The Internal Combustion Engine Still Has Some Miles Left In It

How next-gen engines are going to squeeze every last drop of energy from their carbon fuels

The internal combustion engine gets a bad rap these days. With electric vehicle technology finally coming to market in meaningful ways, oil prices spiking, global warming looming, and “green” sentiments pervading American culture, motors driven by exploding carbon chains have become something of a pariah. But the truth is that we’re stuck with the internal combustion engine, and the petroleum-derived fuels that power it, for the next couple of decades, at least. But that doesn’t mean we can’t still trim fuel consumption and reduce emissions across the board. Designers large and small are building wholly new engines and components that slash fuel requirements, waste less heat energy, and squeeze the most out of every BTU, every engine stroke, and every iota of chemical energy that physics will allow.

Indeed, the internal combustion engine is far from dead. In automotive design shops and university labs across the world the gasoline engine is experiencing something of a technological renaissance.

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The green thinkers among us need not fear this resurgence of hydrocarbon-burning engines; these innovations aren’t just drastically driving down the amount of carbon-based fuel our automobiles might someday burn in a given trip–they are crucial bridge technologies that will help get us to that all-electric, carbon free future as cleanly and efficiently as possible.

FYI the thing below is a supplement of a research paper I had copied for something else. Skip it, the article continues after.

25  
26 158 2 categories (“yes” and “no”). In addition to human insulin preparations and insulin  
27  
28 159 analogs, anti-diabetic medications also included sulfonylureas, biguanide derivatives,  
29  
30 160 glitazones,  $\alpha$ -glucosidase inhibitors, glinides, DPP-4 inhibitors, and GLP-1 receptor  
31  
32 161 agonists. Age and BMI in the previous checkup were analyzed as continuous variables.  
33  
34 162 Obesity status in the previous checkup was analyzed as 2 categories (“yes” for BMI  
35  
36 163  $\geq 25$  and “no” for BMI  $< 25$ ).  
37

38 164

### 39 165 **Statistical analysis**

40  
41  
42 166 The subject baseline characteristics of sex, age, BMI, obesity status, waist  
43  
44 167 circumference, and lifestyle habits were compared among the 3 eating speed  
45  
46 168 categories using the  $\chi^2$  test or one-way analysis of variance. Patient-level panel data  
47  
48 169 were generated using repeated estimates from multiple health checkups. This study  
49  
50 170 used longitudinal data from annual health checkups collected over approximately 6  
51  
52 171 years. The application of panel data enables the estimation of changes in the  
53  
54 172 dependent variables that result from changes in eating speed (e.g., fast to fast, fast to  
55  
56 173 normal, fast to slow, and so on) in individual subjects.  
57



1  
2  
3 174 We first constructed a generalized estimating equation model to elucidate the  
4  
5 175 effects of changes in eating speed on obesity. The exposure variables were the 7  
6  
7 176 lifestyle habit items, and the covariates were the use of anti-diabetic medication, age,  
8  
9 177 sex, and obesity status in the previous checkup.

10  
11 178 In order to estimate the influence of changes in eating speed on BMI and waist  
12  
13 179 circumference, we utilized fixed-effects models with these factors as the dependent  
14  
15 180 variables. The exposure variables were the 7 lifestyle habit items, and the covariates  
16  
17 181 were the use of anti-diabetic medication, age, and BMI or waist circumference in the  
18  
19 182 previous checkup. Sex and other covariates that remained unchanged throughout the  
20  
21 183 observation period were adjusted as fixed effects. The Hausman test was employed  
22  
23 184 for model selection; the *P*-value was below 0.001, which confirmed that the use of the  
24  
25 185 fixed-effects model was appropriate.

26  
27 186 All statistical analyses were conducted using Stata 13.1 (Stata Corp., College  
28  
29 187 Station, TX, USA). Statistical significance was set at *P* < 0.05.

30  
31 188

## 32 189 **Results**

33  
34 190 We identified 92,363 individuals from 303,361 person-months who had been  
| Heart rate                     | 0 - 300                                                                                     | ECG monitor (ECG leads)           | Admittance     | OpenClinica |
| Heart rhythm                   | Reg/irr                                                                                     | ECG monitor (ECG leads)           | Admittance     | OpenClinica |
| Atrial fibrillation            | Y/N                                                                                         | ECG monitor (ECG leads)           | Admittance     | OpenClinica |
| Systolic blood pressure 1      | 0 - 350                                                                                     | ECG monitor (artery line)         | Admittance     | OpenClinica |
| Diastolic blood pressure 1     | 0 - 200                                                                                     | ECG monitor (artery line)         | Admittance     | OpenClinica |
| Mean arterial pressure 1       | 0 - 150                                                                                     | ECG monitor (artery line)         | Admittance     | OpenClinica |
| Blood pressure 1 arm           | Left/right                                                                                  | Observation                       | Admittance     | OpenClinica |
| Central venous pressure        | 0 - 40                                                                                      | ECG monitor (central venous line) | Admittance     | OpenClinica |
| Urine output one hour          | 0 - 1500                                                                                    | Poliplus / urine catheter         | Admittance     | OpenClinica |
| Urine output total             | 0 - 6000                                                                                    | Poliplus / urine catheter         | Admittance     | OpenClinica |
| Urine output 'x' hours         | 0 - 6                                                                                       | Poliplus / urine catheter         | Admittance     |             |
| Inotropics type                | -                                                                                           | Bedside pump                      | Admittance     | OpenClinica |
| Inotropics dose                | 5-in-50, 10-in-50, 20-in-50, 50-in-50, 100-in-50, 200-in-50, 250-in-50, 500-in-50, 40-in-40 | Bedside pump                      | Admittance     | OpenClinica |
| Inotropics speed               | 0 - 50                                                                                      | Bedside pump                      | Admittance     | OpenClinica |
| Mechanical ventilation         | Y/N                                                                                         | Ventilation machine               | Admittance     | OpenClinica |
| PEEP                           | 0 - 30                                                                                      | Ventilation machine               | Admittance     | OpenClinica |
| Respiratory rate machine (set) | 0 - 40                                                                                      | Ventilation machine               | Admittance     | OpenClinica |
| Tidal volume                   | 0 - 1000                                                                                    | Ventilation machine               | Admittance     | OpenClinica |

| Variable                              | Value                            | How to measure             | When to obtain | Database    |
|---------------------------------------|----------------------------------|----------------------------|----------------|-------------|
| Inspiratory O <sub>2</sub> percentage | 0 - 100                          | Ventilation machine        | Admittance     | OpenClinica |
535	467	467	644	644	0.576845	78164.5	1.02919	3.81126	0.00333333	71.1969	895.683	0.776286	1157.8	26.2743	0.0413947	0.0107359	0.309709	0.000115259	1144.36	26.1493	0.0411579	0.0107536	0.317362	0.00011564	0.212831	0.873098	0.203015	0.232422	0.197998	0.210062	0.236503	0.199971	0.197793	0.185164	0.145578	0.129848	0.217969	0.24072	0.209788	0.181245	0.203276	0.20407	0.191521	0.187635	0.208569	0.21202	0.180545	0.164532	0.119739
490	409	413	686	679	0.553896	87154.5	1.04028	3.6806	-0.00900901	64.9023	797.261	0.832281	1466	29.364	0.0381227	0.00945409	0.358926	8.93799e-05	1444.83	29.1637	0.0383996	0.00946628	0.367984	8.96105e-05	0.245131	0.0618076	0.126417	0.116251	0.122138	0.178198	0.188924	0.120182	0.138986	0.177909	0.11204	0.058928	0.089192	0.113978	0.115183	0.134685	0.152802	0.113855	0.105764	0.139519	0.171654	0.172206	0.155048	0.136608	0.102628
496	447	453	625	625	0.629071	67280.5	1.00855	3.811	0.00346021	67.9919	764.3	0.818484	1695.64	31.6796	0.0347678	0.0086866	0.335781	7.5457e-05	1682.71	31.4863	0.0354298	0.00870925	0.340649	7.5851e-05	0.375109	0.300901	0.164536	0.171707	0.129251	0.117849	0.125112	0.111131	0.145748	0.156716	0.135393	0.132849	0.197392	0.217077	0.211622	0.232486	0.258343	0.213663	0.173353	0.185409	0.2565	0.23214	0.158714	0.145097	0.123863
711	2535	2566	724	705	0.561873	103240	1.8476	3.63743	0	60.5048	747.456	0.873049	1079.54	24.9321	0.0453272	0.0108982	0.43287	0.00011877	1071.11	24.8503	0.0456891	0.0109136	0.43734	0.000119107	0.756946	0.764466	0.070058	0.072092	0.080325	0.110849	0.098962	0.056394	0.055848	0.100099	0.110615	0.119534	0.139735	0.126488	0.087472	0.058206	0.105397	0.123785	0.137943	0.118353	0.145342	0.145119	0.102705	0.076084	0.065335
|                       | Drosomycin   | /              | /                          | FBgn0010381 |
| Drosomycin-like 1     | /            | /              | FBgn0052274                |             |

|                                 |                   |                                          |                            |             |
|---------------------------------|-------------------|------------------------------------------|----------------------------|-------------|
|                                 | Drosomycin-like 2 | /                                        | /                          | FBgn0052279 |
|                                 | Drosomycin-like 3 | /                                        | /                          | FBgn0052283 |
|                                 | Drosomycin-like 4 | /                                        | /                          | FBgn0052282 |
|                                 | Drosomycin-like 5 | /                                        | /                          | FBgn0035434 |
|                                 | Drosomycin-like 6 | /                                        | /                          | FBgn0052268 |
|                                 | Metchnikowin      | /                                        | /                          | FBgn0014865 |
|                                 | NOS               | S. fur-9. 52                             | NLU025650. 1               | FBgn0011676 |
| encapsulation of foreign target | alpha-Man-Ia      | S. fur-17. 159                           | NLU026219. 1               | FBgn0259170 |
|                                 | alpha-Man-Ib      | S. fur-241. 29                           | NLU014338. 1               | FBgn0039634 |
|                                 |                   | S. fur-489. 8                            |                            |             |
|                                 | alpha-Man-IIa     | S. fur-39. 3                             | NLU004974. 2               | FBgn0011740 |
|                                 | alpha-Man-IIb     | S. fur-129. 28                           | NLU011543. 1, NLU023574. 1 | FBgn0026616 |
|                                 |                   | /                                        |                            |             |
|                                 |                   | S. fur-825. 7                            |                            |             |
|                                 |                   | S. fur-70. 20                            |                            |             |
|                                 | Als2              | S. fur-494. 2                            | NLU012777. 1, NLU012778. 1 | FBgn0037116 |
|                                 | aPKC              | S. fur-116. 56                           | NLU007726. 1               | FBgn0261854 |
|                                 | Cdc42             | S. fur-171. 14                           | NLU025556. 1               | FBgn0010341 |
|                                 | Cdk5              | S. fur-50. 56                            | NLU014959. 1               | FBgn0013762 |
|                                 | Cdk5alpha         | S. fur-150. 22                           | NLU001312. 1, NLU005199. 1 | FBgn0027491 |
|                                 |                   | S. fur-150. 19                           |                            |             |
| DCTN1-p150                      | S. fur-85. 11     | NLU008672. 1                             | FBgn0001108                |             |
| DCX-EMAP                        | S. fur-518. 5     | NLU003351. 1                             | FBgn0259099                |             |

Most of these are still in the concept stage, awaiting funding or for their prototypes to demonstrate that they are up to the job. None of them is a silver bullet, but each serves as an example of how internal combustion technology could extract far more from the increasingly costly hydrocarbon chains that they burn, drastically improving efficiency and trimming waste without sacrificing too much of the performance that we’ve come to demand from our automobiles.

In the last century, gasoline engines became ubiquitous. In this century, they will become smart. Click through to the gallery see seven ways it’s already happening.